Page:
The US president plans to impose a 25 percent tax on imported steel and 10 percent on aluminium in a move that has raised fears of a trade war.
It led to the White House's top economic advisor, Gary Cohn, to quit in protest.
Reserve Bank of Australia governor Philip Lowe described the US plan as "highly regrettable and bad policy ".
"History is very clear here. Protectionism is costly. It's costly to the country that implements the protectionism, and it's costly to everyone else. It's just not the right thing to do," he told a business summit in Sydney.
"How damaging will this be remains open. If it's just confined to the current higher tariffs on steel and aluminium, then I think it's manageable for the world economy.
"This could turn very badly, though, if it escalates."
Canada, Germany, Britain, France and other US allies have all sounded the alarm over the potential impact of Trump's aggressive agenda on their trade relationships with the United States.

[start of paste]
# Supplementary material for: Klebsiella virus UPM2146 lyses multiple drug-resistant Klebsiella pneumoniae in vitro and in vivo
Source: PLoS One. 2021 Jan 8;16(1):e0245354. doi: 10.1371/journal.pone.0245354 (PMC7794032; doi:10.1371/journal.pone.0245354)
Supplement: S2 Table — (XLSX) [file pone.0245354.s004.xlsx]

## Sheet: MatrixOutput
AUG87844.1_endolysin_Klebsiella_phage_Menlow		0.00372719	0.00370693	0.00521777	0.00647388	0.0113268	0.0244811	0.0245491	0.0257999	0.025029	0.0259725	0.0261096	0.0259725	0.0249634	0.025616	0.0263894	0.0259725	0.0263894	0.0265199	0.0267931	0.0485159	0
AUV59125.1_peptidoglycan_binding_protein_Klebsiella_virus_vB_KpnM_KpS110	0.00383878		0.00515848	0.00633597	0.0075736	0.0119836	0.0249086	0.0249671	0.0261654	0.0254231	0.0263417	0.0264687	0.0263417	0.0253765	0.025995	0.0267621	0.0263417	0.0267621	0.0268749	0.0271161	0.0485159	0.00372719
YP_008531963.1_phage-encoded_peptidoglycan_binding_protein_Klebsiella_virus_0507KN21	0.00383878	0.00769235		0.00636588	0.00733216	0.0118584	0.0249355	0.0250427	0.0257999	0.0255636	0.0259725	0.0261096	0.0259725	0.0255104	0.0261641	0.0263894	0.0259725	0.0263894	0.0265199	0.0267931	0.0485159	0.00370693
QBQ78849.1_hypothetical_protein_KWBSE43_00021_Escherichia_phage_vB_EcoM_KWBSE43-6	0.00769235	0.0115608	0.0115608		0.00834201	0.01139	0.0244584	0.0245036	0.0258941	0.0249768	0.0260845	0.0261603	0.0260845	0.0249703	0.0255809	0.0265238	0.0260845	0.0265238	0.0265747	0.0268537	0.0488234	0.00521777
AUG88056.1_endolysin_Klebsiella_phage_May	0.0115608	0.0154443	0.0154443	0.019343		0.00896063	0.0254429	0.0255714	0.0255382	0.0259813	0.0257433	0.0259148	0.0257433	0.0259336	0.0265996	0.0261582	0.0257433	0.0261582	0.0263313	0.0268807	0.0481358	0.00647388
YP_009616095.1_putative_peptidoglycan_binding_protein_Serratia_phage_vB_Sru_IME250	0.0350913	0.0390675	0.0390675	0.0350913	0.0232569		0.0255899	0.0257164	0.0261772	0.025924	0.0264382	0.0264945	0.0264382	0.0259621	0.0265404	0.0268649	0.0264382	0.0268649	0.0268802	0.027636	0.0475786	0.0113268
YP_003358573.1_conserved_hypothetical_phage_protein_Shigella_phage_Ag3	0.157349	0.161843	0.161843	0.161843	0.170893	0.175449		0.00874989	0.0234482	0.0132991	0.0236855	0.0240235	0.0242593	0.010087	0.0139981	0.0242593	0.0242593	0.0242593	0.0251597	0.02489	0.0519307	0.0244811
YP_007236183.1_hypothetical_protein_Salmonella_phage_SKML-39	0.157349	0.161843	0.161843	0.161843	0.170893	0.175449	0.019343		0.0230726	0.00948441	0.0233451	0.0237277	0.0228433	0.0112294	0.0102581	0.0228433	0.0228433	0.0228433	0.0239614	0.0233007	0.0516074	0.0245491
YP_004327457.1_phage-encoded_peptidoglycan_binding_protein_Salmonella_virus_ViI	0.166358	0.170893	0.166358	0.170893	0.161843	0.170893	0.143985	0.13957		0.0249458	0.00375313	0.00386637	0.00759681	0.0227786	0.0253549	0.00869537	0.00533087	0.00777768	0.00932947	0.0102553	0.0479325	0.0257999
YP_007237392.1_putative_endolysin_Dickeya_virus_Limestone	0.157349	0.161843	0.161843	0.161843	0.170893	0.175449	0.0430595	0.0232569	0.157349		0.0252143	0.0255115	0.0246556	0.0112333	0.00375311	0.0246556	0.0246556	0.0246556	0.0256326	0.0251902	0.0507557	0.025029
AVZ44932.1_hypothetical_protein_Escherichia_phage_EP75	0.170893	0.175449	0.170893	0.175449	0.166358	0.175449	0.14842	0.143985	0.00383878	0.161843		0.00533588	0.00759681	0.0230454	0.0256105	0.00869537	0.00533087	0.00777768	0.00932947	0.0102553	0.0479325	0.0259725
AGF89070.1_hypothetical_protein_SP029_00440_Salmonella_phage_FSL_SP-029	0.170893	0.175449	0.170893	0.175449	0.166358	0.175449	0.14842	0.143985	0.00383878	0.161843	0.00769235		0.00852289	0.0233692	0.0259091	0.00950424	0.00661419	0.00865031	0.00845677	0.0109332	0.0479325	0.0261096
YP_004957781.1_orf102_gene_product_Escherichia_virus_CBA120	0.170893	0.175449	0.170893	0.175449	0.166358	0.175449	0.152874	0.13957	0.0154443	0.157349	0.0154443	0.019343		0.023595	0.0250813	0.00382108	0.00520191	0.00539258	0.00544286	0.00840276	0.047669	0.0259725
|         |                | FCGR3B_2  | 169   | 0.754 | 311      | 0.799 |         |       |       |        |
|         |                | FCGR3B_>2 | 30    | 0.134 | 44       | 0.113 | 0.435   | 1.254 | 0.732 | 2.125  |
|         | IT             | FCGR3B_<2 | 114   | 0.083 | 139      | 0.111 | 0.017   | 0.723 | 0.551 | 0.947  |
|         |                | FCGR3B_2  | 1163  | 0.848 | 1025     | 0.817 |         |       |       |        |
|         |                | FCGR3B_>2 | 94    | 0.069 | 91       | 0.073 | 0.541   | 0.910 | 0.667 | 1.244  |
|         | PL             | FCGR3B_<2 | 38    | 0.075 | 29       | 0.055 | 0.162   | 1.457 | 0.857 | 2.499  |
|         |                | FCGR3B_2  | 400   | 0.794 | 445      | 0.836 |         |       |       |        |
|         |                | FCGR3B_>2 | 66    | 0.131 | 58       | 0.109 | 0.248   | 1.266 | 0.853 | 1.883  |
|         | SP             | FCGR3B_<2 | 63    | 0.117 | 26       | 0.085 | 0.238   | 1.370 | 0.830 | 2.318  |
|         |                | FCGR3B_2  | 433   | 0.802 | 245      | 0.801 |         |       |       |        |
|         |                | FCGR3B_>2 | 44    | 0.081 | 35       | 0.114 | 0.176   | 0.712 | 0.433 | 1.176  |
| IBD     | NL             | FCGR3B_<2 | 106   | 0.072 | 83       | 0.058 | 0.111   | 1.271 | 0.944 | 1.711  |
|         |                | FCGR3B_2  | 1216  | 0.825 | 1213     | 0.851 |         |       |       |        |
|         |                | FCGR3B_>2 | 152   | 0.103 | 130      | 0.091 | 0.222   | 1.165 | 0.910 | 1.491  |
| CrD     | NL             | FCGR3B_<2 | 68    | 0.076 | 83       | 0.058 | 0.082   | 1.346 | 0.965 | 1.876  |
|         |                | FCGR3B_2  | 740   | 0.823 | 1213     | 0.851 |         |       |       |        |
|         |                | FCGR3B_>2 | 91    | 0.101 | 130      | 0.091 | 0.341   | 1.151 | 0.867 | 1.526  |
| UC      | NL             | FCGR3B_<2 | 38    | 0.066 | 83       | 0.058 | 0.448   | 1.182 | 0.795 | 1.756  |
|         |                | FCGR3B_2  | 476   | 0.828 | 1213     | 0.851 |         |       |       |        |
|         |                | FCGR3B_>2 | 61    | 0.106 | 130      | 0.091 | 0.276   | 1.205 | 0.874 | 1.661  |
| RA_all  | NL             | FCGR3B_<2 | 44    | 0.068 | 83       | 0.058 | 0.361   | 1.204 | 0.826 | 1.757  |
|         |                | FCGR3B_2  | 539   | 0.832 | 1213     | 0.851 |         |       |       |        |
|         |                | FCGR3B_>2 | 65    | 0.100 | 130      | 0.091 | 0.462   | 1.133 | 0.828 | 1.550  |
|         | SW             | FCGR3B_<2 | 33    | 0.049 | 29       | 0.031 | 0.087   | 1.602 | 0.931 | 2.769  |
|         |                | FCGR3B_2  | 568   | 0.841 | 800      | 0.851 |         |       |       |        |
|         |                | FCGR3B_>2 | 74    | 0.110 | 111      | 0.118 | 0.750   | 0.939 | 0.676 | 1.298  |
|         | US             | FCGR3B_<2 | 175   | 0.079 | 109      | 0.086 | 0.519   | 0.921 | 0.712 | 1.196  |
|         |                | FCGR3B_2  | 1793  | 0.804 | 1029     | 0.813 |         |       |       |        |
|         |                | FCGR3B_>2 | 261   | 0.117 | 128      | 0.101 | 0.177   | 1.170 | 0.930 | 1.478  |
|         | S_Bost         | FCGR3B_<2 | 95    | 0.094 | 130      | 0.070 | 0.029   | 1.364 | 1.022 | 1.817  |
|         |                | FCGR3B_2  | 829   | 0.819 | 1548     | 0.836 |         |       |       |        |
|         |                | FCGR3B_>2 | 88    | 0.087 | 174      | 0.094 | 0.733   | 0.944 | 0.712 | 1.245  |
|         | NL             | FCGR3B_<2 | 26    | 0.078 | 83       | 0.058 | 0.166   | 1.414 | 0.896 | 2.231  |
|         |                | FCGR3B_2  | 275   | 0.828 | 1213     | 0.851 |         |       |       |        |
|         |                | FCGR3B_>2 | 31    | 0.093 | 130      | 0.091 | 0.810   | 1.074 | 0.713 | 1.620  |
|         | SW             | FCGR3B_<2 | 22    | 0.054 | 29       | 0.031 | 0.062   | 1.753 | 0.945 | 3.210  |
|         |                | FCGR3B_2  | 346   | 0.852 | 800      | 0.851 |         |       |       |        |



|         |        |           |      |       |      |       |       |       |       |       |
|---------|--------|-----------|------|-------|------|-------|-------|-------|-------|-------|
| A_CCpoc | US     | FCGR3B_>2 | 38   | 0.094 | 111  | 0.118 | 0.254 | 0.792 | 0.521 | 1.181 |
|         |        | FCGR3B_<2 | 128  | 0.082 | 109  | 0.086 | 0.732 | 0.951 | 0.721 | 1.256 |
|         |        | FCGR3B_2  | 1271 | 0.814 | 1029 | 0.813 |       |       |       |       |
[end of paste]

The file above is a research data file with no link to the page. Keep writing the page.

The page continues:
Lowe said if the move triggered retaliation and counter-retaliation, "this could turn into a very big shock for the global economy".
"The best thing to do -- perhaps the hardest thing, but the best thing to do -- is just to sit still and do nothing, to not respond and to continue advocating for open trade."
He acknowledged this would not be easy because "there's a political imperative in some countries to respond to an unjust action".
Canberra has sought to be exempt from the hefty tariffs, citing an understanding reached with the US at G20 meetings last year.
It has not commented on whether it would retaliate directly if the US moved forward with its plans.
Foreign Minister Julie Bishop is in New York and said Wednesday she planned to meet US counterpart Rex Tillerson to "urge the United States to not proceed down this path".